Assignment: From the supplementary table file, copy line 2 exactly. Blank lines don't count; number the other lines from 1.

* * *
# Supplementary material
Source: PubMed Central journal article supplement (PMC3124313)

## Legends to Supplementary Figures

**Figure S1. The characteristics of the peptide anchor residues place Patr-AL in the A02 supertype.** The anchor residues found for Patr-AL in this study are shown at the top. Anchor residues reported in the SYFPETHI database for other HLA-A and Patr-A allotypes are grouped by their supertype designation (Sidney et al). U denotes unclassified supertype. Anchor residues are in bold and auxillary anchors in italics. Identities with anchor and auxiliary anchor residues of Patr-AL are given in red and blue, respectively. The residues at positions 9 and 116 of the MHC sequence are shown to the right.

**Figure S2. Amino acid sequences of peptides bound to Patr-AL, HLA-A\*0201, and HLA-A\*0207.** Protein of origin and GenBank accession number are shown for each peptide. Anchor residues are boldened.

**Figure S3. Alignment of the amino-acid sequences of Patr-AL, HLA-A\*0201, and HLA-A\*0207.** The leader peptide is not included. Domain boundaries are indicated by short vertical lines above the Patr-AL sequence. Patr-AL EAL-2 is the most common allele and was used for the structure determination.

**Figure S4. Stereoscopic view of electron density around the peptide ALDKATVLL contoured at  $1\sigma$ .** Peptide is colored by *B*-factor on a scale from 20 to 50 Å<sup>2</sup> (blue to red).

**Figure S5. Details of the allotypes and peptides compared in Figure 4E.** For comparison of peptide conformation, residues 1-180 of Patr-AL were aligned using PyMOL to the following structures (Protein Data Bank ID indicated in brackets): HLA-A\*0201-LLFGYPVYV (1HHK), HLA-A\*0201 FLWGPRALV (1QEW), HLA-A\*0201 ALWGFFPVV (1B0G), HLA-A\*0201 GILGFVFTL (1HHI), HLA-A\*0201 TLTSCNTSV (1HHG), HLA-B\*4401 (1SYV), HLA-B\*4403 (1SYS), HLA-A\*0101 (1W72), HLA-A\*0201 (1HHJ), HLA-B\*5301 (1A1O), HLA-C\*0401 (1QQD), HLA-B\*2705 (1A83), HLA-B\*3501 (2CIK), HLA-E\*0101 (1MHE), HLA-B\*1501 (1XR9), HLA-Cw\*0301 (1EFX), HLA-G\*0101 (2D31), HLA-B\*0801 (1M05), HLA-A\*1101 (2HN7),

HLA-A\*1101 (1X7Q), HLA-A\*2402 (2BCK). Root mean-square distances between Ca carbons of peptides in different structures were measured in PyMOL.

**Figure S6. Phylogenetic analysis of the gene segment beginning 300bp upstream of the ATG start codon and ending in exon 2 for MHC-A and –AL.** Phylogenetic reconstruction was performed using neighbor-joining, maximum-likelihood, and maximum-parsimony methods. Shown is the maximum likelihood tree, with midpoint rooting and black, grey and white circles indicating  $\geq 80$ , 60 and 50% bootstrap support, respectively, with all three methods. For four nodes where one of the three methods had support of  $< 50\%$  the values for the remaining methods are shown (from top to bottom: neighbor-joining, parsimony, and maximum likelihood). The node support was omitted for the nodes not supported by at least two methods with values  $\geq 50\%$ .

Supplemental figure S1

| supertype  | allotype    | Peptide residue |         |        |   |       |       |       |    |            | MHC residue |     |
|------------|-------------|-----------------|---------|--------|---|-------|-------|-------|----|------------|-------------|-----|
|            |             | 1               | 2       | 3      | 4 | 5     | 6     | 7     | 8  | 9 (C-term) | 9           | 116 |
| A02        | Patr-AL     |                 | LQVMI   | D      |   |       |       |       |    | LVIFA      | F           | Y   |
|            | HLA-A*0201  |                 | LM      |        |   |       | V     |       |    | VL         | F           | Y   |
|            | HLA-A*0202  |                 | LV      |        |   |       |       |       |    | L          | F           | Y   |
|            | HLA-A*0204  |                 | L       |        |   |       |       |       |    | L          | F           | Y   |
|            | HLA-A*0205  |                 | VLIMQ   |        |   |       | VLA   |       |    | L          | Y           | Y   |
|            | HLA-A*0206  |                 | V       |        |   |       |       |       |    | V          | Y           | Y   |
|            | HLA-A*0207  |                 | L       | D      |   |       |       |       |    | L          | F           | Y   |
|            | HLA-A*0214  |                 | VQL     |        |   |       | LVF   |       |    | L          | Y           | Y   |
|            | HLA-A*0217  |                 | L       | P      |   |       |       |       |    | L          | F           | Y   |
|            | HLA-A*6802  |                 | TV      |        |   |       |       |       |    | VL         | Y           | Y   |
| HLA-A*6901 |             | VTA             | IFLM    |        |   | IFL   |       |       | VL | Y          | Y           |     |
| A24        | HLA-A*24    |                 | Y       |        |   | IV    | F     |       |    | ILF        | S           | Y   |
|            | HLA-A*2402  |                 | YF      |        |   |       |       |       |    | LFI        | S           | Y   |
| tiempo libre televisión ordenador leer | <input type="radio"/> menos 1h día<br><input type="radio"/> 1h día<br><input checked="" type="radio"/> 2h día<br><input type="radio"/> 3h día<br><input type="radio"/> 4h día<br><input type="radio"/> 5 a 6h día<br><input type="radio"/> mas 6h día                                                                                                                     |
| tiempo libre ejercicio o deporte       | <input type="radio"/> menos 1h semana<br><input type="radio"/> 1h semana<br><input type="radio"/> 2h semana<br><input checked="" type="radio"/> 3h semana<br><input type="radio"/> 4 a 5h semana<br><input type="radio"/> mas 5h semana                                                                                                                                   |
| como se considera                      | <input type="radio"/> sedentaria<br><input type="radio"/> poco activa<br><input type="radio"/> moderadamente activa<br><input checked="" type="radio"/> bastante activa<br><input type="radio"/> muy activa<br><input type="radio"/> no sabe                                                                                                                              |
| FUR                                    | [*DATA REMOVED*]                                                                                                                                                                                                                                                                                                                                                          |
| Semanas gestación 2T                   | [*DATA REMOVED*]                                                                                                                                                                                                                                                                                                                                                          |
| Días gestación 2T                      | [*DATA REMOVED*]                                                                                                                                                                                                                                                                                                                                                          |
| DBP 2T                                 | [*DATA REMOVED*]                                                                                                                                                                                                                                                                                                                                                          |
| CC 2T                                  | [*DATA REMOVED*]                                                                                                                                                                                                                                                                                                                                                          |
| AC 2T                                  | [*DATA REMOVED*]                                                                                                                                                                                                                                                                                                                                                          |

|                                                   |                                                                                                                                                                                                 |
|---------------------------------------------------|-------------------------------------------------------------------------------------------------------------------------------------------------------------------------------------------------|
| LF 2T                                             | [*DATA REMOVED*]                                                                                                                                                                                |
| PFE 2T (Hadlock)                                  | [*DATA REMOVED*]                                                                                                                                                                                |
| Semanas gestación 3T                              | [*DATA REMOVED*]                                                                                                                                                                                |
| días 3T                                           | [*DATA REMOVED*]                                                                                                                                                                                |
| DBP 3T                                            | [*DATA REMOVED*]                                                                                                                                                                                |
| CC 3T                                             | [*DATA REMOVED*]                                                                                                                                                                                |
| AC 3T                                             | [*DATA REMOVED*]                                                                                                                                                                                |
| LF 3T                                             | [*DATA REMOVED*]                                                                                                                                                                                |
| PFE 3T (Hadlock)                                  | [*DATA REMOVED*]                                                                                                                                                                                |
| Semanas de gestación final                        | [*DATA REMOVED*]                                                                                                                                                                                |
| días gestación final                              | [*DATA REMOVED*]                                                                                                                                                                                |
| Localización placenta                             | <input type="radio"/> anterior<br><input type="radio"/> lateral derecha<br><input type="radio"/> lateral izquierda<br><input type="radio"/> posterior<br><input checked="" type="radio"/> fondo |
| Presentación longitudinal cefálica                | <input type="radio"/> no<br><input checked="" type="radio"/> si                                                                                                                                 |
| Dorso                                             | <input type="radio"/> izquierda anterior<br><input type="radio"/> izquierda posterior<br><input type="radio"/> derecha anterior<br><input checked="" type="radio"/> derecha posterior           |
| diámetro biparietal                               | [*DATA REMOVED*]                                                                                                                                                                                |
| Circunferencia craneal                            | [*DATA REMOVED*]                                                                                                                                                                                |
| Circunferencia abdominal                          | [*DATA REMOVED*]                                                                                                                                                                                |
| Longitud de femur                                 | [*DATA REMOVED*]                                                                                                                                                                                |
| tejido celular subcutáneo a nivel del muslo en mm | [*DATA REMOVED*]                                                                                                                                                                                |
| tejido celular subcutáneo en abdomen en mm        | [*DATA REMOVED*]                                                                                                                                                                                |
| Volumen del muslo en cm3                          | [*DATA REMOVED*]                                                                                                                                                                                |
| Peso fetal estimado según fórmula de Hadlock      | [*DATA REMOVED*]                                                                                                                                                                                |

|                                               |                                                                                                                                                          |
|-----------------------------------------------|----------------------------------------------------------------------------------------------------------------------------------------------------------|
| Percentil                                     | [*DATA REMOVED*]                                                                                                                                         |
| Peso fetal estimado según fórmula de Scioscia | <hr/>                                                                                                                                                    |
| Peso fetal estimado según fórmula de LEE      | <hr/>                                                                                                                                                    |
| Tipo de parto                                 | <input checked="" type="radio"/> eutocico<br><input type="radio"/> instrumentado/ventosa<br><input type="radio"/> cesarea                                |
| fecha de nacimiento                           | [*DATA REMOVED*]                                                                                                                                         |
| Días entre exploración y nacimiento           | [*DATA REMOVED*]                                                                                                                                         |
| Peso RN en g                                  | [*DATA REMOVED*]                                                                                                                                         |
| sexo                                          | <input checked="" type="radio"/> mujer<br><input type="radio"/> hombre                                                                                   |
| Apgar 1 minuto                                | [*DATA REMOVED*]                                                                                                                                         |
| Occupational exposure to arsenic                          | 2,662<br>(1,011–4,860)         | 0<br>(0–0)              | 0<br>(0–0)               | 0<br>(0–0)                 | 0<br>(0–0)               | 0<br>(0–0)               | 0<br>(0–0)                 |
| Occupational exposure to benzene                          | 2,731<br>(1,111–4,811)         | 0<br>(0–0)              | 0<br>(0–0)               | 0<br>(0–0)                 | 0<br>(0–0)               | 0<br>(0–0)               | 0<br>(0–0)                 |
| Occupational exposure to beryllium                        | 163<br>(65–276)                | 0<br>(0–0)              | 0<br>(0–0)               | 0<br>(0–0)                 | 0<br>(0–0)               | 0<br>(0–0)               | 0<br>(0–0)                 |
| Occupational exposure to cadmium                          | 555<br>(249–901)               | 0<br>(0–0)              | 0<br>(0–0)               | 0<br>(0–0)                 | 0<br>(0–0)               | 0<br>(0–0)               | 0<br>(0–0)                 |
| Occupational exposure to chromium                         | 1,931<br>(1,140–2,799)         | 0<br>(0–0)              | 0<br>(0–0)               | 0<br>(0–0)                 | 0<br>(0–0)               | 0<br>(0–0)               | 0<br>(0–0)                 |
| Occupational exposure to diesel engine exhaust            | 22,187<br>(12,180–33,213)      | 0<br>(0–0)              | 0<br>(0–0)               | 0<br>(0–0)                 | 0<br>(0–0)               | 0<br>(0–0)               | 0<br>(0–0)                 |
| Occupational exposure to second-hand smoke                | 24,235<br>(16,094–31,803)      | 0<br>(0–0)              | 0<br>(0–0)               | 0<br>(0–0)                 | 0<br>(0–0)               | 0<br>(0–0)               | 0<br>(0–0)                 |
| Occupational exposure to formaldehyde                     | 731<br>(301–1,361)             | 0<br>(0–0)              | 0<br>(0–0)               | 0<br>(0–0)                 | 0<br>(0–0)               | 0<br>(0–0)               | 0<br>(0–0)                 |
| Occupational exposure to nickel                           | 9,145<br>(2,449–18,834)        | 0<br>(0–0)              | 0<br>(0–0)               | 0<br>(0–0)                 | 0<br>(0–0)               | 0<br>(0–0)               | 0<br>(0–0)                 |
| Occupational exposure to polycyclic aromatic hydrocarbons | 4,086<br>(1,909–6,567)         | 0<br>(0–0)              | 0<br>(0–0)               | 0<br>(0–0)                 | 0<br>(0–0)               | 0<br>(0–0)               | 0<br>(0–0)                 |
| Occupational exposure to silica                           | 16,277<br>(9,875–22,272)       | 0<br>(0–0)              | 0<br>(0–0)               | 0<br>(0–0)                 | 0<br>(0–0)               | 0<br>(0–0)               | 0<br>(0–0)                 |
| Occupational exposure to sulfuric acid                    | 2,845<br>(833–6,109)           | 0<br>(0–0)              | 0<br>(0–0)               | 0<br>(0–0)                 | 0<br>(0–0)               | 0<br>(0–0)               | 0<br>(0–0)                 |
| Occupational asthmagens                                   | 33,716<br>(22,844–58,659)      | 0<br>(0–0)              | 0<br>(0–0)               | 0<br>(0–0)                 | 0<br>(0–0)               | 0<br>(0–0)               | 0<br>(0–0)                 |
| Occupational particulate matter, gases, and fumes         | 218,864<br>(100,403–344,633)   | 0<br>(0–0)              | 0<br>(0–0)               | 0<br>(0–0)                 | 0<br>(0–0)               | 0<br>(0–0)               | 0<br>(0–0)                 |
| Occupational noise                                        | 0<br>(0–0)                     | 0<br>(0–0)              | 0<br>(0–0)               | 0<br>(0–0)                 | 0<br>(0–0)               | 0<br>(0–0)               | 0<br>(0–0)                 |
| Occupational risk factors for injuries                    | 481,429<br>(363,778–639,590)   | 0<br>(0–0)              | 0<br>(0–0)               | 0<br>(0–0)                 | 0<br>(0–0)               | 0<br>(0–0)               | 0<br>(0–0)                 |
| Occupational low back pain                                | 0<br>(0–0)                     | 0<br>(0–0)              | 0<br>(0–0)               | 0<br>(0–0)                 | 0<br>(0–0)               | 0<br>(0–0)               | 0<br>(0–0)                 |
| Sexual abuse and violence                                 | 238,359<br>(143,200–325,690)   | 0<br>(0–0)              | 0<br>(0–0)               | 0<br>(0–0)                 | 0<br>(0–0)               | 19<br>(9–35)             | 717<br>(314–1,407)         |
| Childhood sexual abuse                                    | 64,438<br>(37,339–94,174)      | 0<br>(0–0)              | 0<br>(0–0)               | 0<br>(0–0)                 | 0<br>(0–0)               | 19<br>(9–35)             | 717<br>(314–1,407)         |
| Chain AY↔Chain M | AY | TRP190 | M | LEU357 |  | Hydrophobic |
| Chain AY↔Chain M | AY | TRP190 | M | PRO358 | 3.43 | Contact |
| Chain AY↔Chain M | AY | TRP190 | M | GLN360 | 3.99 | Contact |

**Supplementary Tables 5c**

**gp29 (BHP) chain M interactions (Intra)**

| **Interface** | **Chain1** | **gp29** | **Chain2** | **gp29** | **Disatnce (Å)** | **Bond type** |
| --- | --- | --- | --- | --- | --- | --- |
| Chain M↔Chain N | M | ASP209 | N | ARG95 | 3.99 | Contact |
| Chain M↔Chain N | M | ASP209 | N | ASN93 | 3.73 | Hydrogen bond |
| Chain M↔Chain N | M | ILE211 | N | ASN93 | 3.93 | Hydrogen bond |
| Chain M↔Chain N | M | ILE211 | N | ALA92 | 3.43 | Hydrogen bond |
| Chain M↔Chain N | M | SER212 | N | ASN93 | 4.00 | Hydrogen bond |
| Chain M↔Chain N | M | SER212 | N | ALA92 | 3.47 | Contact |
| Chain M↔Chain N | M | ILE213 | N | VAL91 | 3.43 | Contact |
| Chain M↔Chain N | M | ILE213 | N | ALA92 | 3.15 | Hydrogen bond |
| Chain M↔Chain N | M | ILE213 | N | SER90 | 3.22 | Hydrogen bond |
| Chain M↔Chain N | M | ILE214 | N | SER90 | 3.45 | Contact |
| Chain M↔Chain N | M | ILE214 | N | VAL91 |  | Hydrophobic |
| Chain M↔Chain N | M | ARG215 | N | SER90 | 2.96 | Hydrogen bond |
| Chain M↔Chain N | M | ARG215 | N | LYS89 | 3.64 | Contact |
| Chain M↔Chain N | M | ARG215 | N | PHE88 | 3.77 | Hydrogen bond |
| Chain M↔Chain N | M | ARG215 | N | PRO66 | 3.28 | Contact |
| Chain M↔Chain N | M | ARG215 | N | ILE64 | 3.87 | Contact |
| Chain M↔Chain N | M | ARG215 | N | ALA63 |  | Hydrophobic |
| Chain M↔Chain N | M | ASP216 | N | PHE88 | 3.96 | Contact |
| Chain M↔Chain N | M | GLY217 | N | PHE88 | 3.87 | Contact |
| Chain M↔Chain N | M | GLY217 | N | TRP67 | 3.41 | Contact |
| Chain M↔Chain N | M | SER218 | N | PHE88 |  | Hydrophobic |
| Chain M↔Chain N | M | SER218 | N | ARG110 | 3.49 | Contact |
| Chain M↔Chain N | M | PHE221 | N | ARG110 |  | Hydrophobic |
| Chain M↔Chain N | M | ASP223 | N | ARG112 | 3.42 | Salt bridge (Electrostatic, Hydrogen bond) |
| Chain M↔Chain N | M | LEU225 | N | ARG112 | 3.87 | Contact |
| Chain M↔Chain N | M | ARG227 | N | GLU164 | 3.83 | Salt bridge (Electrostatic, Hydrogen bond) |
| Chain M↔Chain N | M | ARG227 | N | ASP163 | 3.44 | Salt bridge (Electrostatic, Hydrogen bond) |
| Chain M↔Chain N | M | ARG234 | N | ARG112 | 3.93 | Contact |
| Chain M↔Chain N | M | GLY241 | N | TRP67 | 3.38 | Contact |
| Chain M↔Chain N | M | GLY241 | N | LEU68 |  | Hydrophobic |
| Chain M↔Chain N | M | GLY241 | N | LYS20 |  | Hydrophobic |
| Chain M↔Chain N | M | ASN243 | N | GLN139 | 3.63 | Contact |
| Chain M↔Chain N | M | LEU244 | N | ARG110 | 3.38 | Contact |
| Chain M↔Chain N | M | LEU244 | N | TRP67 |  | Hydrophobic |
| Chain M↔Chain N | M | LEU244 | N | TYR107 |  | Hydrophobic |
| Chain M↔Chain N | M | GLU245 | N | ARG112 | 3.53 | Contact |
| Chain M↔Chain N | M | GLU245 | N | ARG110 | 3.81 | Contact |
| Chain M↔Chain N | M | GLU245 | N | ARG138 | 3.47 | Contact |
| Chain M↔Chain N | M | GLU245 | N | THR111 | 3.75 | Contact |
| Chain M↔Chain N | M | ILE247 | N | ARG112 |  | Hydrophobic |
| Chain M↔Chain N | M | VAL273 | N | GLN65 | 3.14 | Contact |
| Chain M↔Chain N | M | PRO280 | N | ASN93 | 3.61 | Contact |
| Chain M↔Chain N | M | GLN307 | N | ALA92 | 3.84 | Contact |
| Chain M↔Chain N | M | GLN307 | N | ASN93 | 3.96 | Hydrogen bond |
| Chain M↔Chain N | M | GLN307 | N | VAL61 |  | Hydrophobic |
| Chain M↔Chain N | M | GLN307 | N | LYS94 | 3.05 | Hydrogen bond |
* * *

Source: PubMed Central journal article supplement (PMC3124313)